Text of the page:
There's a scene where the 355 go undercover in evening gowns at a chichi event that is so familiar from all the movies this one wants to be the distaff version of that it begs the question of whether replacing men with women without providing a bump in quality is the kind of progress that makes a point--or the kind of "progress" that ensures no more chances are given for future projects aspiring to the same representation. Take a bunch of slack chase sequences, for instance. The first one, with Mace pursuing Schmidt on foot through the streets of Paris, ends with the two of them in the tunnels of the Metro, trains rocketing all around them. It should be exciting, right? The added element of subway cars zooming past as these women run about? But there's so little sense of gravity or rhythm to it, and the way it resolves, with one of them ending up in the cabin of a train, waving at the other sardonically, is so dead-tired that we're the ones left feeling the fatigue. Franchises like Mission: Impossible and John Wick have set the bar so high for movies like this that real innovation was needed to execute either the stunts or the world-building--any element that's at least different enough from the other pretenders to spark a cult.
What's most painful about The 355 is that its attempts at making the film more gynocentric have resulted in rendering the characters victims of gaslighting or abusive men, or anchoring them so hopelessly to their families that they become a predictable liability when the going gets tough. At the end, after a title informs us that two months have passed between the climax and denouement, all five of these women hilariously manifest in the apartment of a toxic man to serve him a little toxicity of their own. It's as awkward as the "Power Puff" tableau in Avengers: Endgame: evidence of male filmmakers who have no idea how to show female empowerment and so reach for the stupidest possible pandering. Why would Sheng, a Communist agent (or Graciela the shrink, or Schmidt the lone-wolf antihero, or Khadijah the brilliant computer scientist), need to be there when one of their number breaks up with her boyfriend? It's not just idiotic: If we're playing ball with The 355, it's a terrible idea within the movie's logic for these deep-cover splinter agents to run errands together.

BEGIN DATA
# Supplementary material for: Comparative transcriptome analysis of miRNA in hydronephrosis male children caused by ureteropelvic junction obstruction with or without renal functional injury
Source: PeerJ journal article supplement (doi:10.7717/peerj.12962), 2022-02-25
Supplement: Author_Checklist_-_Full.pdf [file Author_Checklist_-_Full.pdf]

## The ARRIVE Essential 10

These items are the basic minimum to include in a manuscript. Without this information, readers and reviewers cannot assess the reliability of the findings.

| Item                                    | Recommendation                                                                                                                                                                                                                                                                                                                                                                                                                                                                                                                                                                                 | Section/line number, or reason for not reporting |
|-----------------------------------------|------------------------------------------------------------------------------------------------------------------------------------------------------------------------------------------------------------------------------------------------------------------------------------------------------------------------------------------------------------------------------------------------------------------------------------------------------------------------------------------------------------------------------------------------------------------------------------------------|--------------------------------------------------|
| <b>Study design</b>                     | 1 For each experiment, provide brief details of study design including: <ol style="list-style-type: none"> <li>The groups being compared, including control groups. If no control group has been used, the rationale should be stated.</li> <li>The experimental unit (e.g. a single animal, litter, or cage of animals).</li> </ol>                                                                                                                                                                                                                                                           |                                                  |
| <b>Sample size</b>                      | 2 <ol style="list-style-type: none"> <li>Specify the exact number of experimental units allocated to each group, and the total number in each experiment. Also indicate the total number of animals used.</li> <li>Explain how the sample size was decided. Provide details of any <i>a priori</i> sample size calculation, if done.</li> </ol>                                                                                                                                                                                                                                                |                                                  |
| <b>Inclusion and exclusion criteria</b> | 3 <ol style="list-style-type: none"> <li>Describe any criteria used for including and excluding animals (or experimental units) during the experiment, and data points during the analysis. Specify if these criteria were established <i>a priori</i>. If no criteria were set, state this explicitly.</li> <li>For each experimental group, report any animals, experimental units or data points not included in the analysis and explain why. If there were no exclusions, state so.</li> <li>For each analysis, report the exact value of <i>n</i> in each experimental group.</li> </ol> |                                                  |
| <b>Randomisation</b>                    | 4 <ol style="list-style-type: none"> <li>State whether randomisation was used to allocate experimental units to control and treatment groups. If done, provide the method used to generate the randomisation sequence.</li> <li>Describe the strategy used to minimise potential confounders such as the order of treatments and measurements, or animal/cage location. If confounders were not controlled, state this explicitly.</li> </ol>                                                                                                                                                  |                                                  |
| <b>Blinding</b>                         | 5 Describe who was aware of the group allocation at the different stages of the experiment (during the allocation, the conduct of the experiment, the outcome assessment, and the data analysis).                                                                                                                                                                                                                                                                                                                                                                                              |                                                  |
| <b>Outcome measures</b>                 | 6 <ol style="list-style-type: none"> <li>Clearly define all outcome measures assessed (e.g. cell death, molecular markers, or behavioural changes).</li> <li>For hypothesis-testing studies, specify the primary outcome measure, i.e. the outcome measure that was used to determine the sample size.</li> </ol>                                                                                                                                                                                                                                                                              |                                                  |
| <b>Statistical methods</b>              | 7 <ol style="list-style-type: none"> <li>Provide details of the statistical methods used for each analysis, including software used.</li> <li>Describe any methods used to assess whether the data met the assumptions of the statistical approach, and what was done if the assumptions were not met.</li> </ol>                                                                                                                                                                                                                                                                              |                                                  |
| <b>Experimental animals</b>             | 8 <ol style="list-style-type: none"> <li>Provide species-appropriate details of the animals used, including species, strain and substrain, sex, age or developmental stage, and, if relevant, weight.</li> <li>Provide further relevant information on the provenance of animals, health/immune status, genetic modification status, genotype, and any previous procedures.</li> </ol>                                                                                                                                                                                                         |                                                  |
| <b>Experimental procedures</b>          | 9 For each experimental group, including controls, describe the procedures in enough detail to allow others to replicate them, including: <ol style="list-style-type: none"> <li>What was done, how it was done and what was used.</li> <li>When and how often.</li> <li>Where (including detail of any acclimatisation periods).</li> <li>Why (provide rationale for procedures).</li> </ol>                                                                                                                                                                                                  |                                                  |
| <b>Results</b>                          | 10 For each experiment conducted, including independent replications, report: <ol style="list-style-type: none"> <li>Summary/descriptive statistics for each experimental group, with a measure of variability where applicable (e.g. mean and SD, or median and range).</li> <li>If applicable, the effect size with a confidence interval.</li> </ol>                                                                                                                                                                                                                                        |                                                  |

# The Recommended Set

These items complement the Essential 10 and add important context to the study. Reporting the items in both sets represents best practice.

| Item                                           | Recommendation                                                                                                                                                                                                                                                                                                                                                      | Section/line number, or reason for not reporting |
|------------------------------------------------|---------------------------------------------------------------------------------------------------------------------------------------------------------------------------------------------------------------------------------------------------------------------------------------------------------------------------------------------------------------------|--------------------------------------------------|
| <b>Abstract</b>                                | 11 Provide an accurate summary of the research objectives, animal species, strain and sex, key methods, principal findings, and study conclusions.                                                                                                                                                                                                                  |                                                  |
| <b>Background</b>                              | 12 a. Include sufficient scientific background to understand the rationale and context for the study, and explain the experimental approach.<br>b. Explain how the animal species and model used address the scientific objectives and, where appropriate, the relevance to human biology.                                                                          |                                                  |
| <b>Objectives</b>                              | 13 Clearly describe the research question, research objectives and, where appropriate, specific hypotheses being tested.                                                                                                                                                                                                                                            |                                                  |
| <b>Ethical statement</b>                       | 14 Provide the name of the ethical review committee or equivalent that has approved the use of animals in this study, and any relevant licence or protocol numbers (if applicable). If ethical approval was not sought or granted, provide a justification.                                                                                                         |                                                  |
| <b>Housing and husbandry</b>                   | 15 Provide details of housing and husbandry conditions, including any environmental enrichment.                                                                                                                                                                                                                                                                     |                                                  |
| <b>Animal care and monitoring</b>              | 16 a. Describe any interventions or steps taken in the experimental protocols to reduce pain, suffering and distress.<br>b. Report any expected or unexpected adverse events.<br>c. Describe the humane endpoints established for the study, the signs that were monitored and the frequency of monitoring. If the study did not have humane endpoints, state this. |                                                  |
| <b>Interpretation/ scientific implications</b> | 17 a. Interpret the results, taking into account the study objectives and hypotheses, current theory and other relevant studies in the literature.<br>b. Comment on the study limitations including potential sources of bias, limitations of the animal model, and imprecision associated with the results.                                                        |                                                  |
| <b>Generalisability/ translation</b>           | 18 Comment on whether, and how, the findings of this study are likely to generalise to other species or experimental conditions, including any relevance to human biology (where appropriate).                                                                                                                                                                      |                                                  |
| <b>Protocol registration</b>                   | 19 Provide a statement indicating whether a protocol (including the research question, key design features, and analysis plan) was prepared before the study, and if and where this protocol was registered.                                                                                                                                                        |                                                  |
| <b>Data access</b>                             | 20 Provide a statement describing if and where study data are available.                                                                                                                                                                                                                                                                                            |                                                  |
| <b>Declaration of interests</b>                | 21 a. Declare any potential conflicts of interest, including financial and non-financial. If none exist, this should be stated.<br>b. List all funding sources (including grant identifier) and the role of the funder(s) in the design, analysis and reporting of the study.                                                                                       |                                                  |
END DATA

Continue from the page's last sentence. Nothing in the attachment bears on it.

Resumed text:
There are a lot of tough-guy pronouncements ("The only place I'll join you...IS HELL"), gravid countdowns, and torture sequences--a checklist so obviously laid out on a set of index cards you can almost see the pinholes at the top of each convention. There's also a truly intimidating amount of time devoted to glacial exposition, plus dialogue sequences intended to deepen these characters and their loved ones that needed extensive pruning (because who gives a good fuck), a hilarious string of location chyrons over famous landmarks, and an entirely off-putting, self-serious tone that can't support scenes like the post-breakup drunk talk between reluctant allies Mace and Schmidt, with both actresses playing it as if The 355 were Chekhov instead of an expensive franchise non-starter. For what it's worth, the cast is game, although Kruger is the only one among them who's legible as an action hero. None of that matters, of course, when you do something like have the Asian one tell the redhead that they're all the same even if they look different as she's serving her "ancient Chinese herbs" that "do many things!" Later, she uses "ancient Chinese poison," and later still, I have to imagine, she has to pay some beaucoup Yuan to Calgon. The new Spider-Man movie will be blamed for this film going up in flames (that and misogyny), but The 355 deserves the dignity of imploding under the weight of its own considerable and mortal miscalculations. There's no world in which the picture would have been a success. It's embarrassingly half-baked and notably flaccid. Then again, even The Matrix Resurrections has its ardent defenders, so maybe there's hope yet.